IMPORTANT NOTE: There are ways people try to plan in advance for Medicaid. These strategies require a skilled lawyer who specializes in this area (commonly called elder law). Keep in mind that Congress has changed the Medicaid qualification rules many times to stop these techniques. In some cases, these changes have been retroactive. PROCEED VERY CAREFULLY AND UNDERSTAND THE RISKS INVOLVED!!!

If a loved one is on Medicaid, alert anyone who is planning to give or leave something in a will to him or her. When that person makes a gift or dies, Medicaid will force him or her to spend down the gift or inheritance. If the person writing the will wants to leave something to your loved one, consider having his or her lawyer set up a trust (called a Medicaid Trust). These rules are very complicated, so you or your loved one should talk to an experienced elder law attorney. If you're aware of any life insurance policies or retirement plans that name your loved one as a beneficiary, change the beneficiary to someone else or to one of these special trusts.

More about Medicare

Medicare is a program that every senior should be participating in. There are some points of caution you should know:

Doctor Charges to A Fee-For-Service Medicare Patient—Medicare sets a maximum amount that the doctor can charge Medicare for each type of service provided.

The Child and Dependent Care Credit can get you 20% to 35% of up to $3,000 of child care and similar costs for a child under 13, an incapacitated spouse or parent, or another dependent so that you can work (and up to $6,000 of expenses for two or more dependents).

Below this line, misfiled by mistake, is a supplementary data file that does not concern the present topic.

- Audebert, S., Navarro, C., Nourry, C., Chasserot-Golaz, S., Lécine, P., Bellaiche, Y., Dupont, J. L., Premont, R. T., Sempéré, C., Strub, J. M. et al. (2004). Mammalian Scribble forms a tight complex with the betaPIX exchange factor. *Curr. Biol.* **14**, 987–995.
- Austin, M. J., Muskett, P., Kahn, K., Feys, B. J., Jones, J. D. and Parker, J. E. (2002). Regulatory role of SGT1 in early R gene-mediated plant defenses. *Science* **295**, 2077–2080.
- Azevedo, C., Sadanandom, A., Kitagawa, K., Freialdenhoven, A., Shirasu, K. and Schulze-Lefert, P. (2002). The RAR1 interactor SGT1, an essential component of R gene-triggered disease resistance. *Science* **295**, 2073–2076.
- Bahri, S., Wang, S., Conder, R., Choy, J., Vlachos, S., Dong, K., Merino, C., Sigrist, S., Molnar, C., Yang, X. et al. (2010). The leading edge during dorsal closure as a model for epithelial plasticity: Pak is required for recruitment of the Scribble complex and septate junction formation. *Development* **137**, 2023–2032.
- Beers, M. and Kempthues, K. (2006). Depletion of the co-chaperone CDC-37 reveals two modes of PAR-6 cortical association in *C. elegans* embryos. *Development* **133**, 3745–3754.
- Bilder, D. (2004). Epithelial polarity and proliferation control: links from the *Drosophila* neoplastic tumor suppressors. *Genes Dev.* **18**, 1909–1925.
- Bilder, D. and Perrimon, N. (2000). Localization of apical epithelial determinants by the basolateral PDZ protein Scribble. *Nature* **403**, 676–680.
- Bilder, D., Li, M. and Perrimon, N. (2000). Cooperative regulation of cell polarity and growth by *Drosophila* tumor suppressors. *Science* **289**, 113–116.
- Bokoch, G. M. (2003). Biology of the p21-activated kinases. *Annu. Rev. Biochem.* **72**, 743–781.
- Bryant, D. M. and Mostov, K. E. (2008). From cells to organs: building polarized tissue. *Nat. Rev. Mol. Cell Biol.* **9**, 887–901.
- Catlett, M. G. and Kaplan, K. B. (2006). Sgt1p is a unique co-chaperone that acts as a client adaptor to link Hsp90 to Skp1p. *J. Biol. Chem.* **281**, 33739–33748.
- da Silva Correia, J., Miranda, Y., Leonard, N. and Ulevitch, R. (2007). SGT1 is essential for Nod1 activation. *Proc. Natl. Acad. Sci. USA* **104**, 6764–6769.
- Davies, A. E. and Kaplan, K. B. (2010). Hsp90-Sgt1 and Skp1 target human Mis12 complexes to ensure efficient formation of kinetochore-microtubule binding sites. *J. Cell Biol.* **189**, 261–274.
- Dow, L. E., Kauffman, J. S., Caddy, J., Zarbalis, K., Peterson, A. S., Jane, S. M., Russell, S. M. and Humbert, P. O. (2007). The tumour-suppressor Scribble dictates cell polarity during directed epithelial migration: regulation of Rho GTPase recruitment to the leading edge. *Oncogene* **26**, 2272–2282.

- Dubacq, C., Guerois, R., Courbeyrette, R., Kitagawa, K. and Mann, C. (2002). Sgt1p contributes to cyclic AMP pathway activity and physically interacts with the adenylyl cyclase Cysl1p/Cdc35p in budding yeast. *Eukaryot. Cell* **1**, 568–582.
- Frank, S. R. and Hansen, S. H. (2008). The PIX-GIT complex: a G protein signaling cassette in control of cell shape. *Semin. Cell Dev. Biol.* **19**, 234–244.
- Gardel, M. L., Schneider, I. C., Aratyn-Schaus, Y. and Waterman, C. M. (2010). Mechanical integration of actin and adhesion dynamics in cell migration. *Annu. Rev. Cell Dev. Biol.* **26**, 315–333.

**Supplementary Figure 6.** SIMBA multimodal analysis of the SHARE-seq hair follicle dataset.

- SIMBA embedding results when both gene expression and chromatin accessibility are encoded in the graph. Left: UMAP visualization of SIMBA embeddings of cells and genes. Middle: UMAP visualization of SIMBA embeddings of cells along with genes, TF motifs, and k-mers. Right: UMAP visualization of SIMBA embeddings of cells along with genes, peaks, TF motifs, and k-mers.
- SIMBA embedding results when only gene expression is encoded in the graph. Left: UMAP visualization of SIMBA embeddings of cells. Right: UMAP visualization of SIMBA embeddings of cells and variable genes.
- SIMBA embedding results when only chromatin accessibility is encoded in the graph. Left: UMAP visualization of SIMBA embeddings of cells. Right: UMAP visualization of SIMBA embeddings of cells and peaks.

In 2020, Medicare Part B has a $198 deductible each year. After your deductible is met, you typically pay 20% of the Medicare-approved amount for most doctor services, outpatient therapy, and durable medical equipment. What if the doctor wants to charge more than the maximum amount he or she bills to Medicare? The doctor can charge the patient directly for the surplus. (Medicare sets limits as to how much the doctor can charge you over the Medicare maximum.) With the private fee-for-service plan under Medicare Advantage, the Medicare patient is responsible for the difference between the doctor's full fee (not limited by Medicare) and the amount reimbursed by Medicare, up to Medicare's fee schedule.

2020 costs at a glance
Part B premium The standard Part B premium amount is $144.60 (or higher depending on your income).
Part B deductible and coinsurance $198. After your deductible is met, you typically pay 20% of the Medicare-approved amount for most doctor services (including most doctor services while you're a hospital inpatient), outpatient therapy, and durable medical equipment (dme)

Paying for Custodial Care out of Savings

Those who have lots of available money may choose self-funding (also known as self-insurance) to pay for custodial care. They may prefer to use their life savings rather than paying monthly premiums on an insurance policy they may never use. This strategy requires your loved one to have set aside invested financial assets that keep up yearly with the cost of inflation and can then be used later on to pay for nursing home care.

IMPORTANT NOTE: We only suggest the self-funding strategy if your loved one has the financial resources to afford this care on his or her own without reducing the retirement income that your loved one and spouse will need.